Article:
(xemacs.info)Entering Emacs


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Enter node , (file) or (file)node

3 Entering and Exiting Emacs
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The usual way to invoke XEmacs is to type `xemacs <RET>' at the shell.
XEmacs clears the screen and then displays an initial advisory message
and copyright notice.  You can begin typing XEmacs commands immediately
afterward.

   Some operating systems insist on discarding all type-ahead when
XEmacs starts up; they give XEmacs no way to prevent this.  Therefore,
it is advisable to wait until XEmacs clears the screen before typing
your first editing command.

   If you run XEmacs from a shell window under the X Window System, run
it in the background with `xemacs&'.  This way, XEmacs does not tie up
the shell window, so you can use that to run other shell commands while
XEmacs operates its own X windows.  You can begin typing XEmacs commands
as soon as you direct your keyboard input to the XEmacs frame.

   Before Emacs reads the first command, you have not had a chance to
give a command to specify a file to edit.  Since Emacs must always have
a current buffer for editing, it presents a buffer, by default, a buffer
named `*scratch*'.  The buffer is in Lisp Interaction mode; you can use
it to type Lisp expressions and evaluate them, or you can ignore that
capability and simply doodle.  (You can specify a different major mode
for this buffer by setting the variable `initial-major-mode' in your
init file.  Note: Init File.)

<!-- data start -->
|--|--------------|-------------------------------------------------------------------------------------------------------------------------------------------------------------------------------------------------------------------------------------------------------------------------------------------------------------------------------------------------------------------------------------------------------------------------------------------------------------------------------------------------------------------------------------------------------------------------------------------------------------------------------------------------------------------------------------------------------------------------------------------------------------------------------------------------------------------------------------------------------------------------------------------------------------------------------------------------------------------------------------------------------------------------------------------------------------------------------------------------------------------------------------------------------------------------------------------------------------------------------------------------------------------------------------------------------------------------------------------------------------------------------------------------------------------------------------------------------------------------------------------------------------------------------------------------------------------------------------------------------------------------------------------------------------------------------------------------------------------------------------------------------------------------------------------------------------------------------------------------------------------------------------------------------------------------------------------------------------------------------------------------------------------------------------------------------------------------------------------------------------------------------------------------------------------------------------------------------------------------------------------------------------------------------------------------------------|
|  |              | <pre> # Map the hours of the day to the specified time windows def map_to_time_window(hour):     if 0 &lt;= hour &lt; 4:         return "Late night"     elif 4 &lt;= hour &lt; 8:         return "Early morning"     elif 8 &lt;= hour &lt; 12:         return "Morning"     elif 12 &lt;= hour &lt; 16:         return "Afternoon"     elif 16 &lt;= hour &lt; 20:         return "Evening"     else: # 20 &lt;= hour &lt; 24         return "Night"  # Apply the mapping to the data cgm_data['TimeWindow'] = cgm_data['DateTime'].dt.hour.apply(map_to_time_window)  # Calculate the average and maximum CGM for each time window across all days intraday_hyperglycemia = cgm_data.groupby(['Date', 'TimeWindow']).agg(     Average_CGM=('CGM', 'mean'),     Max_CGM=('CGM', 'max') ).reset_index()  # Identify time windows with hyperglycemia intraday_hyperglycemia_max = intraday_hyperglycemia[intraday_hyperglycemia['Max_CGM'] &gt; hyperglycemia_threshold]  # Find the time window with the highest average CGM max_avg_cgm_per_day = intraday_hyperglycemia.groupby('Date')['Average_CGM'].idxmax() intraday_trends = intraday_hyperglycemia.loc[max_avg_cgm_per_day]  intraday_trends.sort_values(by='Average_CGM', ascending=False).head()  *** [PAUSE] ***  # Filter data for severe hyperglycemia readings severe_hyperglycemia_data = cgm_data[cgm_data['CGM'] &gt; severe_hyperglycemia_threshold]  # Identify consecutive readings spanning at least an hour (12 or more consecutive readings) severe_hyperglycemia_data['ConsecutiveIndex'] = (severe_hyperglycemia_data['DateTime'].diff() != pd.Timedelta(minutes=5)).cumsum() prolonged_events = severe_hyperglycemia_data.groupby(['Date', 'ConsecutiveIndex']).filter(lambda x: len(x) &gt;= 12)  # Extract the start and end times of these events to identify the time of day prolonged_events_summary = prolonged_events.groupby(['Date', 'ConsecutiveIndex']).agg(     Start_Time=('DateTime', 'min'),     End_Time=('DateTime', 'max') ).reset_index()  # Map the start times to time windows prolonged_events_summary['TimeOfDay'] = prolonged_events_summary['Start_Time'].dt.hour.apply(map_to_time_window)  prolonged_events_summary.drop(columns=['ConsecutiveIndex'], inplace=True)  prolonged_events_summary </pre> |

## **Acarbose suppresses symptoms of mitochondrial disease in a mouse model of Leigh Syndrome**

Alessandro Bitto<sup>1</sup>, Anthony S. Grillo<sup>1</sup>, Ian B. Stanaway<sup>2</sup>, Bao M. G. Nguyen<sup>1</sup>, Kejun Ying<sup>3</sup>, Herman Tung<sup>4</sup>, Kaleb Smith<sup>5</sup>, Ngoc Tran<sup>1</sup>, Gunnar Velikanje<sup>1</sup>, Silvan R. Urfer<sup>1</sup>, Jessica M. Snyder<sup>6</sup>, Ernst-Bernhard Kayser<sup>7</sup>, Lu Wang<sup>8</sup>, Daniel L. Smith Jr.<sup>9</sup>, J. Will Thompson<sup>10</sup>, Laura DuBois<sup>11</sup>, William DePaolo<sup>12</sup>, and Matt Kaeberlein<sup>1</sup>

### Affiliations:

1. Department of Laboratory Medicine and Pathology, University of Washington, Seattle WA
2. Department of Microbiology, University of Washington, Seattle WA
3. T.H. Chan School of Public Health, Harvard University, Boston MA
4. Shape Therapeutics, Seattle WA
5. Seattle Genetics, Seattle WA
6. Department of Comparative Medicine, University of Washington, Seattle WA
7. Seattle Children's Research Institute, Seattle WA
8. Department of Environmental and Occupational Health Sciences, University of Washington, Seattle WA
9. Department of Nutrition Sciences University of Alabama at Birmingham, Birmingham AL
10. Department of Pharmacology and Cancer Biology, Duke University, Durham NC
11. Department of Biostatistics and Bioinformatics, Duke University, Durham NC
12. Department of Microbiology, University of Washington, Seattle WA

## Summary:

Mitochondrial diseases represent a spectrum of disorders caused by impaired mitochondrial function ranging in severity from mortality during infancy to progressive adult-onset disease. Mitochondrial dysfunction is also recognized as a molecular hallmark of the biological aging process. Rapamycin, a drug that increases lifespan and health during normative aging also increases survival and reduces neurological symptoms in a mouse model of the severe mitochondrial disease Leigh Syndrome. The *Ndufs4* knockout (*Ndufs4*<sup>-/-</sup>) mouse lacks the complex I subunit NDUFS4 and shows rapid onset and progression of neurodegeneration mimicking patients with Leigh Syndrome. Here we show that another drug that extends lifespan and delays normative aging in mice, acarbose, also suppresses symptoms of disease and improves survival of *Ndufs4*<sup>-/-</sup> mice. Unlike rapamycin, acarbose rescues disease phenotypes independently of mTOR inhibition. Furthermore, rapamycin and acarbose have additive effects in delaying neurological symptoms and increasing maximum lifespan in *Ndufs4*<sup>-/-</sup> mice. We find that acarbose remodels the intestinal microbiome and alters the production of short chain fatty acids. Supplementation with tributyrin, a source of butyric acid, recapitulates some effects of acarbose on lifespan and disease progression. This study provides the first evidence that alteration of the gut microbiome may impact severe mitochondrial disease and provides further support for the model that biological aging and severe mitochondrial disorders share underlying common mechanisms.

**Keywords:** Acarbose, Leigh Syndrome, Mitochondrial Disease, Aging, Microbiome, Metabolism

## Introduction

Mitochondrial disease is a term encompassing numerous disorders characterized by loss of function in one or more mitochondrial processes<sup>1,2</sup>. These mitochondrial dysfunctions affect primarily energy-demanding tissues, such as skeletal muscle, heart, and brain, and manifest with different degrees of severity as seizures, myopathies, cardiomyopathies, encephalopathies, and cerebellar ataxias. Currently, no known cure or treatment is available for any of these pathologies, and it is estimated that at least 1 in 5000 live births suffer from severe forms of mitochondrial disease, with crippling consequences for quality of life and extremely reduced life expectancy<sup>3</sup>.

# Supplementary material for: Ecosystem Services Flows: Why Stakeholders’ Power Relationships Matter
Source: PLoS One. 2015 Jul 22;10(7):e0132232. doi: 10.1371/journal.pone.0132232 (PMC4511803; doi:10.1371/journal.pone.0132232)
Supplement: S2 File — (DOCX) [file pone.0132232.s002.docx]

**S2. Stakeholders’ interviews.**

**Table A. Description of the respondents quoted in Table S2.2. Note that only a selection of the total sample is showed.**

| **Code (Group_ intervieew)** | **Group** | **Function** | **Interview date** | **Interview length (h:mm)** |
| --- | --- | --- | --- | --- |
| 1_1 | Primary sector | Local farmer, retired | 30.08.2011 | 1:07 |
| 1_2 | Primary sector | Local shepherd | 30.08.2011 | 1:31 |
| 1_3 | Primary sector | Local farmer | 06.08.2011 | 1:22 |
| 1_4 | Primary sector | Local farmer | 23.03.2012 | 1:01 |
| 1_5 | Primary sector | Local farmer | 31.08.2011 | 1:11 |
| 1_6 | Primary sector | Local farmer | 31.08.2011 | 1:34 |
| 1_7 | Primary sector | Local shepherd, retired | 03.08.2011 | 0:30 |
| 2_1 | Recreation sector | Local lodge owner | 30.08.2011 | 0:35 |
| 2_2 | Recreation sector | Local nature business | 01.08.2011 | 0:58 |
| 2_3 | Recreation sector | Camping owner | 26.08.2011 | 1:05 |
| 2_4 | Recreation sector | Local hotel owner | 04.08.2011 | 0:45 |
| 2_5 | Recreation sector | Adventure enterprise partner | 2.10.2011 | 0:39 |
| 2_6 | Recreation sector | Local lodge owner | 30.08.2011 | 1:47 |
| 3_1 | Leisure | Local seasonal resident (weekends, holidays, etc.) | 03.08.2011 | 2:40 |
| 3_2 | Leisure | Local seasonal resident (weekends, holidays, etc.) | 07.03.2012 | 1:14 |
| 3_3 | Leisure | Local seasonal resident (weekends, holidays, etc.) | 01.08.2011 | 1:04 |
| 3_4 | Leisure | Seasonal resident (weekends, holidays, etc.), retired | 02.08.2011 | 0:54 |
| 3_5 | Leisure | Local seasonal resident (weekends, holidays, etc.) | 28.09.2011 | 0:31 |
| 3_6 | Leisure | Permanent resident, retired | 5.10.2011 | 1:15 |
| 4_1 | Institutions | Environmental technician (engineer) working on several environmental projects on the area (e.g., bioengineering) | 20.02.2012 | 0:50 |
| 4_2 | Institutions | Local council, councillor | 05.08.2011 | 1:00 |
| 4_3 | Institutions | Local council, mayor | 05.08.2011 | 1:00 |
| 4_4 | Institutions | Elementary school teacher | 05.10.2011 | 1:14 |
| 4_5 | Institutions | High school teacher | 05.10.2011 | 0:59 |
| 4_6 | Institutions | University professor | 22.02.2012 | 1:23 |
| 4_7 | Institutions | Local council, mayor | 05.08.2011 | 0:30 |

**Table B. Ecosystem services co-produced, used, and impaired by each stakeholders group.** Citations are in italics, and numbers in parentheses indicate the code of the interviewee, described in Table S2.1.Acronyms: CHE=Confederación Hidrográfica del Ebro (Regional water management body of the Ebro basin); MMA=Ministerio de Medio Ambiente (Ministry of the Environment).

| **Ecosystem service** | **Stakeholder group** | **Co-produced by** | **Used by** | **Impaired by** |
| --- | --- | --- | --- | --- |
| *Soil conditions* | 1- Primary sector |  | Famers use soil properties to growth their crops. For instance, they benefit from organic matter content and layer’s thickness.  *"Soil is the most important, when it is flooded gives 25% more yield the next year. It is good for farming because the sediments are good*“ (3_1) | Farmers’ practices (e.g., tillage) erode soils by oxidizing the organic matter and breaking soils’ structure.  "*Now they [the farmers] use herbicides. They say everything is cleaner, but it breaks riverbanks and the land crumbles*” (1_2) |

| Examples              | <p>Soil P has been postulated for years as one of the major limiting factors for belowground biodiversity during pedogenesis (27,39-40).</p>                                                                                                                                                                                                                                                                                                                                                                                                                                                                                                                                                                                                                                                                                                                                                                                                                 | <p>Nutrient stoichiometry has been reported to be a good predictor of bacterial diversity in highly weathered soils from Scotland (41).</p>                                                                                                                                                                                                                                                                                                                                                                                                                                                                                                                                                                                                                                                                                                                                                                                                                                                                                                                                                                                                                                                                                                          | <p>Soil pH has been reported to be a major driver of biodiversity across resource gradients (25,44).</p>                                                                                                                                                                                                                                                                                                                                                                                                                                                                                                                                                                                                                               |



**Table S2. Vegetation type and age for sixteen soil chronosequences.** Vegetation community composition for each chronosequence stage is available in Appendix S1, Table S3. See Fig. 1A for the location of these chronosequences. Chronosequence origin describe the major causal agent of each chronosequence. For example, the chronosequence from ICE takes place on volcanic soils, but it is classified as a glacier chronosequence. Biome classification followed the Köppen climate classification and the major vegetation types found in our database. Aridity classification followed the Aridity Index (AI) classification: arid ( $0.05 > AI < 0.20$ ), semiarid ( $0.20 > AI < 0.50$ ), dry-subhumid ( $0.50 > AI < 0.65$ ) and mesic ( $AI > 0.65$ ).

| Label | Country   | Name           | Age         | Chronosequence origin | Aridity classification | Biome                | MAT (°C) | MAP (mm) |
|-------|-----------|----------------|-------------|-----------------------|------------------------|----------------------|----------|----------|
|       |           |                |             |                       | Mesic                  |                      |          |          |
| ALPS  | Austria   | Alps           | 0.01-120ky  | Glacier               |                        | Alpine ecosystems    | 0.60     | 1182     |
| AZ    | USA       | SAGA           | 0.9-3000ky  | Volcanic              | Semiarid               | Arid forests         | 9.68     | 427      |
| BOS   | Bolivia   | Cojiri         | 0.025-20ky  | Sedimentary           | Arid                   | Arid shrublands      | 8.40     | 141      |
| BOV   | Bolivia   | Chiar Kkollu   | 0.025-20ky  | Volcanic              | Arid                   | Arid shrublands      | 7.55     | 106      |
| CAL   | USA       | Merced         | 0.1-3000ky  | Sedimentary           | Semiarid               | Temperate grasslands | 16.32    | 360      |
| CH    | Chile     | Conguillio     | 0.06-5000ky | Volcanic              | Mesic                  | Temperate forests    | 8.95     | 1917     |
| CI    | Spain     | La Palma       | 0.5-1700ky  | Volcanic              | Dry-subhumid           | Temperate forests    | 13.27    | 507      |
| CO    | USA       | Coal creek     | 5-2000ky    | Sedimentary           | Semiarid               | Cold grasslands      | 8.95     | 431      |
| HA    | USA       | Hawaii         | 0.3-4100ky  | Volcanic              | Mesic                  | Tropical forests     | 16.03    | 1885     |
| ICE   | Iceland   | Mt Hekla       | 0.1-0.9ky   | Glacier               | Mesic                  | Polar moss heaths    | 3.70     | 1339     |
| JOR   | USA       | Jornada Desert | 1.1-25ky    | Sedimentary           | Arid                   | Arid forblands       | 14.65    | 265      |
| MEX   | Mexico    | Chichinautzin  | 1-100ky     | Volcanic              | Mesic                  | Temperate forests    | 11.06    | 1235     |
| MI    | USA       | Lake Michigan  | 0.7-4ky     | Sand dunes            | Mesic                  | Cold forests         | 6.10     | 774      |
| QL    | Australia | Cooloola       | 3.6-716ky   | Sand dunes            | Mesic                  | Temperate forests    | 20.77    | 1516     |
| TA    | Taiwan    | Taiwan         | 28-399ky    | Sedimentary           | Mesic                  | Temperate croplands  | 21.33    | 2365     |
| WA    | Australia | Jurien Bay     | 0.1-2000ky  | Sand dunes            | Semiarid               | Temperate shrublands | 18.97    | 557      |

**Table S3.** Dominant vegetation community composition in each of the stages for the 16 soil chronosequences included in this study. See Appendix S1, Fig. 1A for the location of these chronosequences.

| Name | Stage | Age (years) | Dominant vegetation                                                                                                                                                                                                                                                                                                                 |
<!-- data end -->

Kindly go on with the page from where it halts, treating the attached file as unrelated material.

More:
It is possible to specify files to be visited, Lisp files to be
loaded, and functions to be called, by giving Emacs arguments in the
shell command line.  Note: Command Switches.  But we don't recommend
doing this.  The feature exists mainly for compatibility with other
editors.

   Many other editors are designed to be started afresh each time you
want to edit.  You edit one file and then exit the editor.  The next
time you want to edit either another file or the same one, you must run
the editor again.  With these editors, it makes sense to use a
command-line argument to say which file to edit.

   But starting a new Emacs each time you want to edit a different file
does not make sense.  For one thing, this would be annoyingly slow.  For
another, this would fail to take advantage of Emacs's ability to visit
more than one file in a single editing session.  And it would lose the
other accumulated context, such as registers, undo history, and the mark
ring.

   The recommended way to use XEmacs is to start it only once, just
after you log in, and do all your editing in the same Emacs session.
Each time you want to edit a different file, you visit it with the
existing Emacs, which eventually comes to have many files in it ready
for editing.  Usually you do not kill the Emacs until you are about to
log out.  Note: Files, for more information on visiting more than one
file.


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